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  • Writer's pictureAyelet HaShachar

Nasso and the Priestly Blessing

This Dvar Torah on Parshat Nasso was delivered by Steph Zwi at our Kabbalat Shabbat service on 21 May 2021.


Hi everyone, it’s a pleasure to be giving a Dvar Torah tonight. This week’s parsha is Parshat Nasso. It is the second parsha in the book of Bamidbar / Numbers.


The parsha starts in a similar way to last week’s. Moses is ordered to take a census, to lift the heads of the Israelites and count them, from which we get the name of the book: Numbers.


After the census, we get into a series of very specific rules about very specific people, who I think can be grouped together as the deviant in society. The rules go something like this:


Rule #1: The lepers and everyone who has come into contact with the dead shall be sent away, outside of the camp. Remember, the Jews are in the desert, they’ve left Egypt a while back and they’re wondering for a really long time, bonding, creating a sense of identity and giving us things to talk about tonight.


Rule #2: Any person who has committed a sin, shall incur guilt and should acknowledge and make restitution for their sin – basically the earliest historic reference to ‘Jewish guilt’.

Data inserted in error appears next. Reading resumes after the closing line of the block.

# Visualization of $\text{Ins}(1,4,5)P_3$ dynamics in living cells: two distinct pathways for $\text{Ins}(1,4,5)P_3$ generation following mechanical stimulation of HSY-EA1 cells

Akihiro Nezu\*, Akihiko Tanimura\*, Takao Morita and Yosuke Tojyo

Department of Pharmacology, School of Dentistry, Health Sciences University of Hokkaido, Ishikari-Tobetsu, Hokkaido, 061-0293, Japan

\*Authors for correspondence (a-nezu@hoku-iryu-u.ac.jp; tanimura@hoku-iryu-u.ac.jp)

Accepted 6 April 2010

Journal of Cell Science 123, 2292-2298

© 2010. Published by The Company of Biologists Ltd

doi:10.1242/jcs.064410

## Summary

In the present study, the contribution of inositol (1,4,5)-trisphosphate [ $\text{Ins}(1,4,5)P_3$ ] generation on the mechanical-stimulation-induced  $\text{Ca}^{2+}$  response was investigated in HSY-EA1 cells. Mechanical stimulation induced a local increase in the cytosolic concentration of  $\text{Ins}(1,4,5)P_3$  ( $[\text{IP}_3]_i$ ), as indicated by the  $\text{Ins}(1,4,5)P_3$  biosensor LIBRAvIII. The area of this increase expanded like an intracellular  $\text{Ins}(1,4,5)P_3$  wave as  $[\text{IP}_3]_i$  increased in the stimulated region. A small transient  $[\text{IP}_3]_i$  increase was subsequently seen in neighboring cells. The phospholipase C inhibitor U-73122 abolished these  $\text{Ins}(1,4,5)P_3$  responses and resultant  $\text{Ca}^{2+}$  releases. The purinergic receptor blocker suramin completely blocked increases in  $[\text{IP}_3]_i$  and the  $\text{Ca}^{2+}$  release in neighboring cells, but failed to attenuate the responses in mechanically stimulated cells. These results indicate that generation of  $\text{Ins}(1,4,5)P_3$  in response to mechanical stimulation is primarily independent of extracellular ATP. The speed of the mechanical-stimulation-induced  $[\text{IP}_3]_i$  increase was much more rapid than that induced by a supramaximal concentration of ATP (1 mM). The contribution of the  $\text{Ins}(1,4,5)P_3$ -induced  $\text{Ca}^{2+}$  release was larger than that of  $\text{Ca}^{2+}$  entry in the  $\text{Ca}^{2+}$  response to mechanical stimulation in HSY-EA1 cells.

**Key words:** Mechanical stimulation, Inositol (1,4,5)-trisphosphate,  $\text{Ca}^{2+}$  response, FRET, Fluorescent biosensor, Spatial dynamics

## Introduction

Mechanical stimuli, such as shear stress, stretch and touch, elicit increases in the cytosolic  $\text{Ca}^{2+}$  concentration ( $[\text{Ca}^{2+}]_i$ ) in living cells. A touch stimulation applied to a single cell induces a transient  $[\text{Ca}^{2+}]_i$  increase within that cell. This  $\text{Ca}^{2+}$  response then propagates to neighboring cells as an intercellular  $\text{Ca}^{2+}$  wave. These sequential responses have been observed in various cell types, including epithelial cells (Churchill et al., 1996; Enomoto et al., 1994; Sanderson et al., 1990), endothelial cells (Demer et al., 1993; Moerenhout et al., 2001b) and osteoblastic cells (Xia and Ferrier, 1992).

Rule #3: Then there’s this curious one: If a man suspects that his wife has gone astray sexually with another man, then the husband may bring his wife to the priest and make a meal offering of jealousy, and a meal offering of remembrance that recalls the wrongdoing. When the woman acknowledges her sin, she shall be made to drink bitter water that shall make her belly swell and her thighs sag and she shall become a curse-word among her people. But if the woman is still pure and has not forfeited her purity, she shall be blessed with offspring – it’s essentially a Biblical witch hunt.


Rule #4: Finally, a person can resolve to take the vow of a Nazir, to elevate oneself to a position akin to that of a priest, then they must fulfil many obligations. They cannot drink wine, nor anything prepared from grapes. They cannot cut their hair, or trim their beard if they have one, nor shall they come into contact with the dead.


After these rules are given, there is a final order: God tells Moses and Aaron, the original Kohanim or Priests to bless the Israelites with what we now know as Birkat HaKohanim: The Priestly Blessing.


This ancient blessing has worked its way into many Jewish traditions. We say it on chaggim, it’s in the Bedtime Shema, and especially relevant for tonight, it’s the blessing that parents make over the children on a Friday night. At Ayelet, we have a variation of this blessing, it’s the one where you put your hand on the head of the person next to you.. back in the old days. But it’s the original prayer, the one that is written in the Torah that I’d like to discuss tonight.


This is how it goes:


May God bless you and protect you.

יְבָרֶכְךָ יהוה, וְיִשְׁמְרֶךָ


May God shine divine light upon you and be gracious unto you.

יָאֵר יהוה פָּנָיו אֵלֶיךָ, וִיחֻנֶּךָּ


May God look at you with favour and grant you peace.

יִשָּׂא יהוה פָּנָיו אֵלֶיךָ, וְיָשֵׂם לְךָ שָׁלוֹם